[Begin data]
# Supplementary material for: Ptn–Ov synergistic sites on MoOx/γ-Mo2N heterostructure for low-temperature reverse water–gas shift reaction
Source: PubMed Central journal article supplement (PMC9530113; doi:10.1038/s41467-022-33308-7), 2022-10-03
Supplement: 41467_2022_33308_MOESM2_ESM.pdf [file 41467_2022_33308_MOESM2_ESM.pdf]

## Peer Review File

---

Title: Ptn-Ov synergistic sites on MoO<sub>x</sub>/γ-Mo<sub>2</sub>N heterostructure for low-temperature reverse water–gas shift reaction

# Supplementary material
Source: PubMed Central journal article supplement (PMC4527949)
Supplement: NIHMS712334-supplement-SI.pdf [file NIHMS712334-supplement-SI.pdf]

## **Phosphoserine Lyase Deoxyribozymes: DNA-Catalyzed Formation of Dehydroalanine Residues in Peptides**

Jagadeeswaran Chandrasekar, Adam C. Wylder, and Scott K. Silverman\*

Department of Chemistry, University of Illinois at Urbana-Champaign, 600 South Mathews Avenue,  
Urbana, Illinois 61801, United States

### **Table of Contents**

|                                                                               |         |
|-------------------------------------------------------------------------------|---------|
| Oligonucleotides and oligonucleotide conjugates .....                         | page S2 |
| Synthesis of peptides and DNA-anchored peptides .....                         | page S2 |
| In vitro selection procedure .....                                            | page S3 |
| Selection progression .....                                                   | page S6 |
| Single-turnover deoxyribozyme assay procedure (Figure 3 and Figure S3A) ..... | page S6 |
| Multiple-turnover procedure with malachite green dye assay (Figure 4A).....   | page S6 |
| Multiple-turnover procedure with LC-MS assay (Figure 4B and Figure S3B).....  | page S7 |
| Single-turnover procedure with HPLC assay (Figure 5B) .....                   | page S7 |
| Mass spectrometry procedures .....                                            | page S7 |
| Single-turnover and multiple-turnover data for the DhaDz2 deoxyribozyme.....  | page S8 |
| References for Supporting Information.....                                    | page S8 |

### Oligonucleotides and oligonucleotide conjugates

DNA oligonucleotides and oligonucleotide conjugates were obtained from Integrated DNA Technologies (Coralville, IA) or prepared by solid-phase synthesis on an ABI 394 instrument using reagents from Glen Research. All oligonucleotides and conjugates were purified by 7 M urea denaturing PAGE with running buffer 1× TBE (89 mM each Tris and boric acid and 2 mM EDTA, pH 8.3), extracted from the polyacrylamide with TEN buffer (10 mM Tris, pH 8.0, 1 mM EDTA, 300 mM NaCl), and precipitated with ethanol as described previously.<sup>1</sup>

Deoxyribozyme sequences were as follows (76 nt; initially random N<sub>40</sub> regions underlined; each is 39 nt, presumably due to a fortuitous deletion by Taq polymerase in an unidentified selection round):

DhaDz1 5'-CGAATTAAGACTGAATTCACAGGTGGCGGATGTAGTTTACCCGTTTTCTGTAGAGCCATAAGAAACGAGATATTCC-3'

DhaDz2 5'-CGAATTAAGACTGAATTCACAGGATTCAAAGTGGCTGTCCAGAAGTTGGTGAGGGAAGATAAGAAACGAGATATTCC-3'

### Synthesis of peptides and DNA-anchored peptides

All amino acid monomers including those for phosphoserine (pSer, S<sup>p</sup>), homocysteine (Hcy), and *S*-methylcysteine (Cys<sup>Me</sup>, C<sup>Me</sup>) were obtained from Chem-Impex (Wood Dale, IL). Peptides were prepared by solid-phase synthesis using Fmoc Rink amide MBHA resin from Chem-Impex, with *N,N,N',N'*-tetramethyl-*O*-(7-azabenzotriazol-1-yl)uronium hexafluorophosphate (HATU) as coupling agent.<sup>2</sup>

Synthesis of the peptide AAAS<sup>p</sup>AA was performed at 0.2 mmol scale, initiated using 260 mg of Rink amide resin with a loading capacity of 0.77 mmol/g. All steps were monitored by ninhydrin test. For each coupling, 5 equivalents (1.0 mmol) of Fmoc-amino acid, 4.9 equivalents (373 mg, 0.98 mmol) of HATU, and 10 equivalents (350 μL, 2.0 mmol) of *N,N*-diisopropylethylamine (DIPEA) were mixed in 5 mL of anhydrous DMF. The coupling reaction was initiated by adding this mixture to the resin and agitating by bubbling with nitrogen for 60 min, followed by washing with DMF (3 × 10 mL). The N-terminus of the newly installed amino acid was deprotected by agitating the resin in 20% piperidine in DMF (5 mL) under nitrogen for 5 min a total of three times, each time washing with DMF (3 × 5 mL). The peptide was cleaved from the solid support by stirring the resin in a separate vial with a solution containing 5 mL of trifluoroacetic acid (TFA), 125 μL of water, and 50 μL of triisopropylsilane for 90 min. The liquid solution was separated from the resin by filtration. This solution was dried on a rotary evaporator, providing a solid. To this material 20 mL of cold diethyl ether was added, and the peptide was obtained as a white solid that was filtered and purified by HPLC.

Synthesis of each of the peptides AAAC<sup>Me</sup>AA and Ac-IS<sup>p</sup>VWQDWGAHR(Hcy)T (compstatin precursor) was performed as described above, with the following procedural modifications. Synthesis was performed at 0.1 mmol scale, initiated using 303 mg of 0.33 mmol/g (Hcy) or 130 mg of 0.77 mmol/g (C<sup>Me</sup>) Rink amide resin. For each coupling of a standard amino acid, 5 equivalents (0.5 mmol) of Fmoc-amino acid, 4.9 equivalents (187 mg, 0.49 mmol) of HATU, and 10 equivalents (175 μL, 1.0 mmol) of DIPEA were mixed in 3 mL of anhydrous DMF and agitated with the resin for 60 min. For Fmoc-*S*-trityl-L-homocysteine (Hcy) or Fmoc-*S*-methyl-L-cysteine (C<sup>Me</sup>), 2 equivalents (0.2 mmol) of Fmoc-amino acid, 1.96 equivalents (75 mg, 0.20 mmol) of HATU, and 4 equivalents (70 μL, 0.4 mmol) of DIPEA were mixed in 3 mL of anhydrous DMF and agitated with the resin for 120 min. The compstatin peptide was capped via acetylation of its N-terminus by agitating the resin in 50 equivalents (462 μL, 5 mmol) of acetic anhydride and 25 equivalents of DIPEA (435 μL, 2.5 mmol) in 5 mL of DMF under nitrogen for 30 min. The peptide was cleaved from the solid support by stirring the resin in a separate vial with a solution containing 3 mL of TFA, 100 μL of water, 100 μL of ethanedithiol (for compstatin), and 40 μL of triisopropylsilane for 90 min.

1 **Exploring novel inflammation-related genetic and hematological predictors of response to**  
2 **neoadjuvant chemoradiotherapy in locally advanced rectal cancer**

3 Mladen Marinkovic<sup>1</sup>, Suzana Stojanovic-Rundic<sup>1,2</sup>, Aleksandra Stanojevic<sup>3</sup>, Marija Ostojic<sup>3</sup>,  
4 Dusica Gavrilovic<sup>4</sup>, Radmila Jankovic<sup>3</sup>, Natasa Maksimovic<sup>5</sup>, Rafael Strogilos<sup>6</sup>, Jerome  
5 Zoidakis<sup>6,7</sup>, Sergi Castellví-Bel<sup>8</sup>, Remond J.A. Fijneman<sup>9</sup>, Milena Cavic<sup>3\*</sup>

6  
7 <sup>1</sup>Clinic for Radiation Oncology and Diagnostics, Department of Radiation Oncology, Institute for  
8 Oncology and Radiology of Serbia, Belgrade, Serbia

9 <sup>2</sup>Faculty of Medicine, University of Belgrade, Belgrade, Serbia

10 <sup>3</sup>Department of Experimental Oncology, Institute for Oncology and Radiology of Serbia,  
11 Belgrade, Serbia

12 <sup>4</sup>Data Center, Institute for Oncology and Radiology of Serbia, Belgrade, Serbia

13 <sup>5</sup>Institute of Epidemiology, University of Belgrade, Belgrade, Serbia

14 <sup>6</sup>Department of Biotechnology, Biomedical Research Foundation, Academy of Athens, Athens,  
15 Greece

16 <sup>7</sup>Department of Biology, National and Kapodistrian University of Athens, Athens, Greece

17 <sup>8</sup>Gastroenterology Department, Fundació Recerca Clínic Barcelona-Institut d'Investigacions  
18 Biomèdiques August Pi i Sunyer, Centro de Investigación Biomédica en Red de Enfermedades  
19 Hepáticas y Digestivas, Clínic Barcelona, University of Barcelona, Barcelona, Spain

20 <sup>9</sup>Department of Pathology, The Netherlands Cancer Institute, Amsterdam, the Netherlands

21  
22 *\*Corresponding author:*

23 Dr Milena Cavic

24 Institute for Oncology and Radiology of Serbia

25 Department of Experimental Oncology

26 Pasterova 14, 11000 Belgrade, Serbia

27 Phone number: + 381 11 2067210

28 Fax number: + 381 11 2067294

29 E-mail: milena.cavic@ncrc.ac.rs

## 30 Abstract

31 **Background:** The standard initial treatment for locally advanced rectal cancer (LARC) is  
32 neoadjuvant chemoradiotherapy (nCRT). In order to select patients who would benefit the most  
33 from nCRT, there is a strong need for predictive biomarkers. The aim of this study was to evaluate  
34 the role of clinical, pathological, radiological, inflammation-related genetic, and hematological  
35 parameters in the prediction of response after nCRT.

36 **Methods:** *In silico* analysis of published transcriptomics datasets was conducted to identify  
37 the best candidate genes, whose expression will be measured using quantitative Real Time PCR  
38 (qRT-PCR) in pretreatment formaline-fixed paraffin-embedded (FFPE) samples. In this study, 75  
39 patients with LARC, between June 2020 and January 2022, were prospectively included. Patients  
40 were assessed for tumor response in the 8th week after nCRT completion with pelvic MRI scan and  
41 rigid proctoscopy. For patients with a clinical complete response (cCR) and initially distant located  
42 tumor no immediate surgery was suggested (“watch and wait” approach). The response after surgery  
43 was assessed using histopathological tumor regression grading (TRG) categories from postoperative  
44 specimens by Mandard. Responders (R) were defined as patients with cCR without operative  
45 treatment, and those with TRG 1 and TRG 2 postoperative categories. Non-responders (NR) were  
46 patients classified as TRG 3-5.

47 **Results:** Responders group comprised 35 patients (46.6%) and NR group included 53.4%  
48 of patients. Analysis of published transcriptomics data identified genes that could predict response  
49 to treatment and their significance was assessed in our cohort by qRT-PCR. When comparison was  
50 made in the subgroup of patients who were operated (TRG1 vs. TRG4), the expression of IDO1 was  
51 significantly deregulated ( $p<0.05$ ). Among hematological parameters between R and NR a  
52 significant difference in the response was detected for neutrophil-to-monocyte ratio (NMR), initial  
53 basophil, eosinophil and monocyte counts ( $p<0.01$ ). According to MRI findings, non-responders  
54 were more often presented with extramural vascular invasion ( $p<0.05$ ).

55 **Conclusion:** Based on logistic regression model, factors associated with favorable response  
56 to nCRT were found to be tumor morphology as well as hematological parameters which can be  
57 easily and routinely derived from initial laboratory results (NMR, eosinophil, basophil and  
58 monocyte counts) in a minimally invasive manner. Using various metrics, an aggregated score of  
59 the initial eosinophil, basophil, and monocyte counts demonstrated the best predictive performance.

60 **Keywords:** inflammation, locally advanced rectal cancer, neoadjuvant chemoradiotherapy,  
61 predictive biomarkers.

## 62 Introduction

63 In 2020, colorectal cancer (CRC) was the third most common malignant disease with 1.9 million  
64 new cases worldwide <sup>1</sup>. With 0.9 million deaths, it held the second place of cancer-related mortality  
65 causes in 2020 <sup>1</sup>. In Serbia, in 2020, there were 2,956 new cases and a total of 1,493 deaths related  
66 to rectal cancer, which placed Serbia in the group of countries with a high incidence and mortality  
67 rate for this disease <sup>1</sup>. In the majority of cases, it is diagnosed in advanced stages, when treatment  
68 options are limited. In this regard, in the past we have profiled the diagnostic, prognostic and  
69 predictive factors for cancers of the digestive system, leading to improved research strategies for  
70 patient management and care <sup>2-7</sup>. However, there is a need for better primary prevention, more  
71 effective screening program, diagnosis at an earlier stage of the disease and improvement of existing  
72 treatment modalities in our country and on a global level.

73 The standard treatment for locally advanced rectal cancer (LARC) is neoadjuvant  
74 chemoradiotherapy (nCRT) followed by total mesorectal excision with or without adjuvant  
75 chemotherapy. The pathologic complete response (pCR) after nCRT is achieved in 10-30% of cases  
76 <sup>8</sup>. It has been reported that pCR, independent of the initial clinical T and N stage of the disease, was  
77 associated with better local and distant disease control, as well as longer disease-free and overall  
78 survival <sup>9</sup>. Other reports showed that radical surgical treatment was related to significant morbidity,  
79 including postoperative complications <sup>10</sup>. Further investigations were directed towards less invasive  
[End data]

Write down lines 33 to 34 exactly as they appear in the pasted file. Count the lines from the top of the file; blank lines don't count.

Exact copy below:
### Synthesis of peptides and DNA-anchored peptides

All amino acid monomers including those for phosphoserine (pSer, S<sup>p</sup>), homocysteine (Hcy), and *S*-methylcysteine (Cys<sup>Me</sup>, C<sup>Me</sup>) were obtained from Chem-Impex (Wood Dale, IL). Peptides were prepared by solid-phase synthesis using Fmoc Rink amide MBHA resin from Chem-Impex, with *N,N,N',N'*-tetramethyl-*O*-(7-azabenzotriazol-1-yl)uronium hexafluorophosphate (HATU) as coupling agent.<sup>2</sup>